itsnotmymind (itsnotmymind) wrote,

Warren Mears

One of the neat things about Warren Mears as a villain is how he is paralleled with just about every major character on the show. There are Warren-Buffy parallels, staring as early as “I Was Made to Love You”, Warren-Willow parallels (Here’s a little one: In “Seeing Red”, Warren calls Buffy “super-bitch” while fighting her. Willow does the same thing in “Two To Go”.), and Warren-Spike parallels. And there are even Warren-Faith parallels, despite the fact that Faith doesn’t even appear in seasons five and six of BtVS.

The parallels between Willow and Warren are particularly noticeable in the scene in "Villains" where Willow creates an image of Katrina to taunt Warren. What “Katrina” says to Warren, and what Willow says to Warren about Katrina. Change “Warren” to “Willow” and “killed her” to “erased her memories”, and everything "Katrina" says, word-for-word, that is said could be applied to Willow and Tara. Presumably, this is Willow's subconscious guilt speaking. This fascinating vid illustrates the parallels between Willow and Warren.

The Warren-Spike parallels start as early as “I Was Made to Love You”, with the Buffy-bot. As someone online once pointed out, Warren and Spike both give up their robots, but they don’t give up their warped ideas about romance. They are on opposite trajectories: Warren going down, and Spike going up. And they both get there through attempted rape.

In the scene where Willow taunts Warren with a vision of Katrina, you could change “Warren” to “Spike” and “killed her” to “tried to rape her” and then everything "Katrina" says, word-for-word, could be applied to Spike and Buffy.

There is one difference between Spike and Warren, which probably helps to explain why the former gets love from fandom, and the latter doesn’t (well, okay, this and James Marsters' good looks). When Katrina asks, "How could you say you loved me, and do that to me?” Warren replies, so suddenly that it startles: “Because you deserved it, bitch!” It’s an instinctive reply. It’s very revealing.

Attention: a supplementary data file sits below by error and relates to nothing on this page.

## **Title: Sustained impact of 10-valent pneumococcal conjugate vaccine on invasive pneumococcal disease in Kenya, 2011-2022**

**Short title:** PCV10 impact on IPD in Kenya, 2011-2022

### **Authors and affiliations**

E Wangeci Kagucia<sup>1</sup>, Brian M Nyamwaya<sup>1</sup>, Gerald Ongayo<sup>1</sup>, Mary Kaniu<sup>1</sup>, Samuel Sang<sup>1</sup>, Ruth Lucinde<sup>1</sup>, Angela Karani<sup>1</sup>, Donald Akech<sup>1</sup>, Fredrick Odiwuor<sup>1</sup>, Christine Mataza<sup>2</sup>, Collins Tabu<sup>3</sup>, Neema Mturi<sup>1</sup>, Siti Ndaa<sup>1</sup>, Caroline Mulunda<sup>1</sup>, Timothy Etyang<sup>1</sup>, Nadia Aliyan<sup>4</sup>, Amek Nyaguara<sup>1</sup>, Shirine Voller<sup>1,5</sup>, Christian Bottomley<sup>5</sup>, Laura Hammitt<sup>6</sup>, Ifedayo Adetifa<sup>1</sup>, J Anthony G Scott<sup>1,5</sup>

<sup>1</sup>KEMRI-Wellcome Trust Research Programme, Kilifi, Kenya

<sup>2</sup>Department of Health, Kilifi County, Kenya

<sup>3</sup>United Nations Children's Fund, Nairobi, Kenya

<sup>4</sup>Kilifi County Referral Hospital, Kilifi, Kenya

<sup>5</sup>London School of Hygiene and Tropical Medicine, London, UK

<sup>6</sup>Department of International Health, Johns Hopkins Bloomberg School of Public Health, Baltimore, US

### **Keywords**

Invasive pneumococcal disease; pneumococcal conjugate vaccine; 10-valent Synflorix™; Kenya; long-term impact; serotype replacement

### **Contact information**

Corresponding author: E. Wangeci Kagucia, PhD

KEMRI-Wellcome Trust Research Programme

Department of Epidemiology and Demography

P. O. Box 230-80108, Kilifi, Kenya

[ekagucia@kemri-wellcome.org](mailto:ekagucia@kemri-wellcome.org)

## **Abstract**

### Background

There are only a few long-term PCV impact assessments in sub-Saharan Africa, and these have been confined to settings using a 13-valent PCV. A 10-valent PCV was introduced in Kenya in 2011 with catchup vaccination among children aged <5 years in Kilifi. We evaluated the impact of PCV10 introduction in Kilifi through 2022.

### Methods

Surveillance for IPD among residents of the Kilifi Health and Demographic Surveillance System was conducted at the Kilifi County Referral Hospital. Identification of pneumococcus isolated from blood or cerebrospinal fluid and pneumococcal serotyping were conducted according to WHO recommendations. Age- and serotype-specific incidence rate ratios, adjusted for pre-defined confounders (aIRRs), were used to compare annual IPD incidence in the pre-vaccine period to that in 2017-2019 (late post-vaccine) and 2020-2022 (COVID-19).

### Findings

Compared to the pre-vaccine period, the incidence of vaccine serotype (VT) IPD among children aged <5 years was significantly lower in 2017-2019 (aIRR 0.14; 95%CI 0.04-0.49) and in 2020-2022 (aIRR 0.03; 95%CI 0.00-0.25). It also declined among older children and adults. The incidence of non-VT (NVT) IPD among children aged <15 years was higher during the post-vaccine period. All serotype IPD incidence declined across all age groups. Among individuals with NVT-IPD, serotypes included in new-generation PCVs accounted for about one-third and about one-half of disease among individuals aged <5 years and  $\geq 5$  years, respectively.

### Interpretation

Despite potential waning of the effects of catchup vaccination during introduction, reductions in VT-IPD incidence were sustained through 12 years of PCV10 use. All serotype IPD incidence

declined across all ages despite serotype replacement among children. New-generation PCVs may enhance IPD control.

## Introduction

But Spike has a very different instinctive reply about what Buffy deserves in a Joss-written scene in “Hell’s Bells”. When he sees that coming seeing him with a date genuinely upsets her, he offers to leave.

"No,” Buffy says. “No, I ... you have every right to be here. I pretty much deserve—”

Spike cuts her off. “That's not true, you...” He looks at the ceiling, a frustrated by his own reluctance to hurt her (foreshadowing his frustration with his guilt in the crypt scene in "Seeing Red"). “God, this is hard.”

There is also Spike’s last words of the season: “So you'll give me what I want. Make me what I was. So Buffy can get what she deserves.” I had been spoiled for the fact that Spike gets a soul, but I also knew there was controversy in fandom about whether or not Spike chose to get the soul, or was tricked into it. It was this line that made me realize it was his choice. I could believe that Spike would have the chip taken out so that he could kill Buffy and her loved ones, but I could not believe that he would think she deserved it.

Also, despite the parallels between Spike and Warren, Spike’s initial reaction to his realization that what he had tried to do was rape is more like Jonathan and Andrew’s that Warren's--shock and denial.

Despite Faith's absence in the seasons were Warren is present and alive, there are also Warren and Faith parallels. It’s obvious that Steven DeKnight re-watched “Consequences” before writing “Dead Things”. Many others have pointed out the parallels between the argument between Buffy and Spike in the alley, and Buffy and Faith’s arguments in “Consequences”, but I don’t know that I’ve seen anyone discuss the ways in Warren's reaction to killing Katrina mirrors Faith's.